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Intel Unveils the Neural Compute Stick 2

Intel is hosting its first artificial intelligence (AI) developer conference in Beijing on Nov. 14 and 15. The company kicked off the event with the introduction of the Intel Neural Compute Stick 2 (Intel NCS 2) designed to build smarter AI algorithms and for prototyping computer vision at the network edge. Based on the Intel Movidius Myriad X vision processing unit (VPU) and supported by the Intel Distribution of OpenVINO toolkit, the Intel NCS 2 affordably speeds the development of deep neural networks inference applications while delivering a performance boost over the previous generation neural compute stick. The Intel NCS 2 enables deep neural network testing, tuning and prototyping, so developers can go from prototyping into production leveraging a range of Intel vision accelerator form factors in real-world applications.

"The first-generation Intel Neural Compute Stick sparked an entire community of AI developers into action with a form factor and price that didn't exist before. We're excited to see what the community creates next with the strong enhancement to compute power enabled with the new Intel Neural Compute Stick 2," said Naveen Rao, Intel corporate vice president and general manager of the AI Products Group.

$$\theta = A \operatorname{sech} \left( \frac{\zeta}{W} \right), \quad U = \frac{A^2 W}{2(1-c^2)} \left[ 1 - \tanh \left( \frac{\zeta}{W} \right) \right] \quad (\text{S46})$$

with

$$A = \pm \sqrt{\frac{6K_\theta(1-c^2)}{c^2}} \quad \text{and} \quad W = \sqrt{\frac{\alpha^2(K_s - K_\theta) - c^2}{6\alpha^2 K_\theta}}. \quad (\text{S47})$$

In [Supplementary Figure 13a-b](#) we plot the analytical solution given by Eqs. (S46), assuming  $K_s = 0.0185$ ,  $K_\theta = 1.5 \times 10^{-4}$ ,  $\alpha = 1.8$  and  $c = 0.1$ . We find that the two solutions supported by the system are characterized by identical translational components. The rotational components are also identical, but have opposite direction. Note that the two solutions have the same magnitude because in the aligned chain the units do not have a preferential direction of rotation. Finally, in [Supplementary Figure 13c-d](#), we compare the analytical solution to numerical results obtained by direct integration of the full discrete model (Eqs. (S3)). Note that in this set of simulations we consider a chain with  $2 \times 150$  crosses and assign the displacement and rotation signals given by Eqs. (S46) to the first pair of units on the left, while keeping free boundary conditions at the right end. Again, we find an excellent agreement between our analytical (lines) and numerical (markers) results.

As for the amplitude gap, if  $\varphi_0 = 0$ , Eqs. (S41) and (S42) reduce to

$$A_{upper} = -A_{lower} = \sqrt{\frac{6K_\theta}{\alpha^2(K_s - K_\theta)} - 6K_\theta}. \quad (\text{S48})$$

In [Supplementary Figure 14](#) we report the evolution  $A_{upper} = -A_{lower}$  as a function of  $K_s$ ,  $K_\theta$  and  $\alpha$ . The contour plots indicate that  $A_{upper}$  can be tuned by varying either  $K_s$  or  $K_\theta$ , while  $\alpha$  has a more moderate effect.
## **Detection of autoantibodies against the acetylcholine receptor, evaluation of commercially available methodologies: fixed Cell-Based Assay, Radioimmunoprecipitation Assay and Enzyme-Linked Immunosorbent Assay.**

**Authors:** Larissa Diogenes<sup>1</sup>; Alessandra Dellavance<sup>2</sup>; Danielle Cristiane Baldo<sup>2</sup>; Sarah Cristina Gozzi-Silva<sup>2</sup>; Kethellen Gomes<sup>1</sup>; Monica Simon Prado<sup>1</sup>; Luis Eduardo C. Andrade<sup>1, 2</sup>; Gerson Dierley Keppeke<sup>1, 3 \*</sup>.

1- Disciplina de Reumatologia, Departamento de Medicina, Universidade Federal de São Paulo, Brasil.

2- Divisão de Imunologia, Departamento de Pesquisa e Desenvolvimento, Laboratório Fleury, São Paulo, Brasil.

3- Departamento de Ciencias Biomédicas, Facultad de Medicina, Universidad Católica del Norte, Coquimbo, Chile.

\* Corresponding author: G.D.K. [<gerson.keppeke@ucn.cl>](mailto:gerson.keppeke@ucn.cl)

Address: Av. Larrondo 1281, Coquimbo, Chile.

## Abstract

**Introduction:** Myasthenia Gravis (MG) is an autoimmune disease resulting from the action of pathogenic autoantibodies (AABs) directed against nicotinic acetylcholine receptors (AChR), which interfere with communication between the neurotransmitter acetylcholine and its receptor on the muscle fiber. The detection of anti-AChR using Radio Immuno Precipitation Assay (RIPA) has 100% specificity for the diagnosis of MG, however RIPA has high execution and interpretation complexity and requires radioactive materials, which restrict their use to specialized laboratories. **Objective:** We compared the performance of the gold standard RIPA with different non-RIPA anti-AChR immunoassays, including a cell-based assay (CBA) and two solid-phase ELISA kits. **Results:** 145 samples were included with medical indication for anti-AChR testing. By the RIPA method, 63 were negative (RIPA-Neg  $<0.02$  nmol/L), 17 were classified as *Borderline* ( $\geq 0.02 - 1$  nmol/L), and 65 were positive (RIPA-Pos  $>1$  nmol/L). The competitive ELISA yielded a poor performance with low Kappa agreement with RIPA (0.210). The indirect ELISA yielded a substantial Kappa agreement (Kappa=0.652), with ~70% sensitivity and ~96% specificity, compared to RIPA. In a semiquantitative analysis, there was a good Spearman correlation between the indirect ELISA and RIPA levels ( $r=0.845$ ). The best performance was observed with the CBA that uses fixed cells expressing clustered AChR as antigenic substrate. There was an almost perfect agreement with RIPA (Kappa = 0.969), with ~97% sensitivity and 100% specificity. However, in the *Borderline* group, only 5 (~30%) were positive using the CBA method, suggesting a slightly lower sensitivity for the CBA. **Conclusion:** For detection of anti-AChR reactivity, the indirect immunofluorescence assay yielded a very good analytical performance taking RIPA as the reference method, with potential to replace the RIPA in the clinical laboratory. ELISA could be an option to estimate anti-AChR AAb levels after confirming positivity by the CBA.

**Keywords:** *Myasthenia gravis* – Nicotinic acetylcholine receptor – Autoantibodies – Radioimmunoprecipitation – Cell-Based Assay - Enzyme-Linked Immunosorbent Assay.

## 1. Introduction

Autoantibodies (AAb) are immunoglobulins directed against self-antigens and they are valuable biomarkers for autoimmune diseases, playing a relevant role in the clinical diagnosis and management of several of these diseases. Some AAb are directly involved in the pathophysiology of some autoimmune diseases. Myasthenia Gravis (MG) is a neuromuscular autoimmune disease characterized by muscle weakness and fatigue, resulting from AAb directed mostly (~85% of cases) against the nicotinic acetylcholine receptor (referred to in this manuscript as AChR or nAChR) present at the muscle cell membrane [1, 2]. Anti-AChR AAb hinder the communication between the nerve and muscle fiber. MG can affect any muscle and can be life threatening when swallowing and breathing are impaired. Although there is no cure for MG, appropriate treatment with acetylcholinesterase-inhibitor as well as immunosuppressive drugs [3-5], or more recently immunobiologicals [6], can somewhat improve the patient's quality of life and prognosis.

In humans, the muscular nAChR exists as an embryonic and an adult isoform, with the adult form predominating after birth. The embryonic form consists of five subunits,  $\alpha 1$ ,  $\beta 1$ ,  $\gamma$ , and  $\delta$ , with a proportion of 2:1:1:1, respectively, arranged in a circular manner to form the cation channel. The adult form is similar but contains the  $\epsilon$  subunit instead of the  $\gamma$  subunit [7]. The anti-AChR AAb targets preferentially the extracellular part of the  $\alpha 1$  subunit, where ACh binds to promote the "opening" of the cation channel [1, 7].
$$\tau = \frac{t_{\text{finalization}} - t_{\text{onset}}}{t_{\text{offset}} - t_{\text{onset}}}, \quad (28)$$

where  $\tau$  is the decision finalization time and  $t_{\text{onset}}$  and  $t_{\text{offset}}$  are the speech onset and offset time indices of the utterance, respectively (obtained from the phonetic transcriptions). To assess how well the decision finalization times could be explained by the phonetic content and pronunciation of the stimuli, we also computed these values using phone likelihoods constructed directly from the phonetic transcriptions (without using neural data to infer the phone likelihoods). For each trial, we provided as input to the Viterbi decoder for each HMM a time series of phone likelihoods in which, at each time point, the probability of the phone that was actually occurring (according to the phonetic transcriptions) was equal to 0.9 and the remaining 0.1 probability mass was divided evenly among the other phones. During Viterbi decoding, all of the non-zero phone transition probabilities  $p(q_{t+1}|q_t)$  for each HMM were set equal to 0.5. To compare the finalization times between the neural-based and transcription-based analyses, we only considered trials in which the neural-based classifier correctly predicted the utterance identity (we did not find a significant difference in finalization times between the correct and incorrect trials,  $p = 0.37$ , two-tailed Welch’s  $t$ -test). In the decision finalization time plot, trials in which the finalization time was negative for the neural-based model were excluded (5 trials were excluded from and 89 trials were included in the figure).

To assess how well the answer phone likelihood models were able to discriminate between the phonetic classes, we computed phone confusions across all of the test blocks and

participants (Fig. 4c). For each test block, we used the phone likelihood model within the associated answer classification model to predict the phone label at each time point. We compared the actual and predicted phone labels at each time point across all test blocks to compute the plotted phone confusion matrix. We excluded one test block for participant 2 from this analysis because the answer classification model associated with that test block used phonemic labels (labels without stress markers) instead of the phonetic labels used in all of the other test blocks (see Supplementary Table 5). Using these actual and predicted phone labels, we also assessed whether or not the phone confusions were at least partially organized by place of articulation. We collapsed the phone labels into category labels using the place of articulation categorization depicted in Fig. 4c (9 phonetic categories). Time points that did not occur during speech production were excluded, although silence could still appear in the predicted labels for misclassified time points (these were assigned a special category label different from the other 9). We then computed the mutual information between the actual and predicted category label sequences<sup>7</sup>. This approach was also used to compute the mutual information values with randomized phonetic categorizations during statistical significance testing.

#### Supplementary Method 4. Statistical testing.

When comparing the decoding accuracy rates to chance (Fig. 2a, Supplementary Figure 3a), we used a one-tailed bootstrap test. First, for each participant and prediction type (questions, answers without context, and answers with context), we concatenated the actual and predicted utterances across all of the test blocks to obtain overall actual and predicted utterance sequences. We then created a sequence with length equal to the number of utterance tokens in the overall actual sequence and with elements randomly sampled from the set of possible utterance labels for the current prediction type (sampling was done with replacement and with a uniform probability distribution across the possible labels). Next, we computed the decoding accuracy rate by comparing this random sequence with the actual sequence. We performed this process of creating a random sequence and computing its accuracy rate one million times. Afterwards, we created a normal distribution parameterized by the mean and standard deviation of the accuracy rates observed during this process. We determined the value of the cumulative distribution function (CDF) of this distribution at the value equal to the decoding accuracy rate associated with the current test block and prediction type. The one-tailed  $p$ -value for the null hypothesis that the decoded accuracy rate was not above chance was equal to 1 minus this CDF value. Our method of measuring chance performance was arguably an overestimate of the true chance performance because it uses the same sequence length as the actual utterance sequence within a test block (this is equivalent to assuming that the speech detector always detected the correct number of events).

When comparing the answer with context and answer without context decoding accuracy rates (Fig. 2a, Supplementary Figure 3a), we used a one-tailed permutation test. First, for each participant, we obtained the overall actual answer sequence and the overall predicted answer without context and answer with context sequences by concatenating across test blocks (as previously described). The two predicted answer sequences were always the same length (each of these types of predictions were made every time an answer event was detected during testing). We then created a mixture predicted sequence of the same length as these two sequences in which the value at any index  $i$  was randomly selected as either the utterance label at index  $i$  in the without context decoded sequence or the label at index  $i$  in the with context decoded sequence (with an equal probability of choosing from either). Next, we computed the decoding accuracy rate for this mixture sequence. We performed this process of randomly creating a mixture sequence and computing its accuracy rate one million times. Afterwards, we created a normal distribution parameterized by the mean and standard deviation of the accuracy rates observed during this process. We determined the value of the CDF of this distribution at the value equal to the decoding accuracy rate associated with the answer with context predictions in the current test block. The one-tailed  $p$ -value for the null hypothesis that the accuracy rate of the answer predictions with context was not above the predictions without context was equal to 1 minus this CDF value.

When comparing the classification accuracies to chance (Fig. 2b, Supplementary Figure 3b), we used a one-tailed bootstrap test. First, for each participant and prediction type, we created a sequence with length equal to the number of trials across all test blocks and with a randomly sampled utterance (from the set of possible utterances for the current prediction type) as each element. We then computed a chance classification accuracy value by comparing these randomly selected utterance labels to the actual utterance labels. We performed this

The Laceli AI Compute Stick is Here to Compete Against Intel's Movidius

Gyrfalcon Technology Inc, an emerging AI chip maker in Silicon Valley, CA, launches its Laceli AI Compute Stick after Intel Movidius announced its deep learning Neural Compute Stick in July of last year. With the company's first ultra-low power, high performance AI processor Lightspeeur 2801S, the Laceli AI Compute Stick runs a 2.8 TOPS performance within 0.3 Watt of power, which is 90 times more efficient than the Movidius USB Stick (0.1 TOPS within 1 Watt of power.)

Lightspeeur is based on Gyrfalcon Technology Inc's APiM architecture, which uses memory as the AI processing unit. This eliminates the huge data movement that results in high power consumption. The architecture features true, on-chip parallelism, in situ computing, and eliminates memory bottlenecks. It has roughly 28,000 parallel computing cores and does not require external memory for AI inference.
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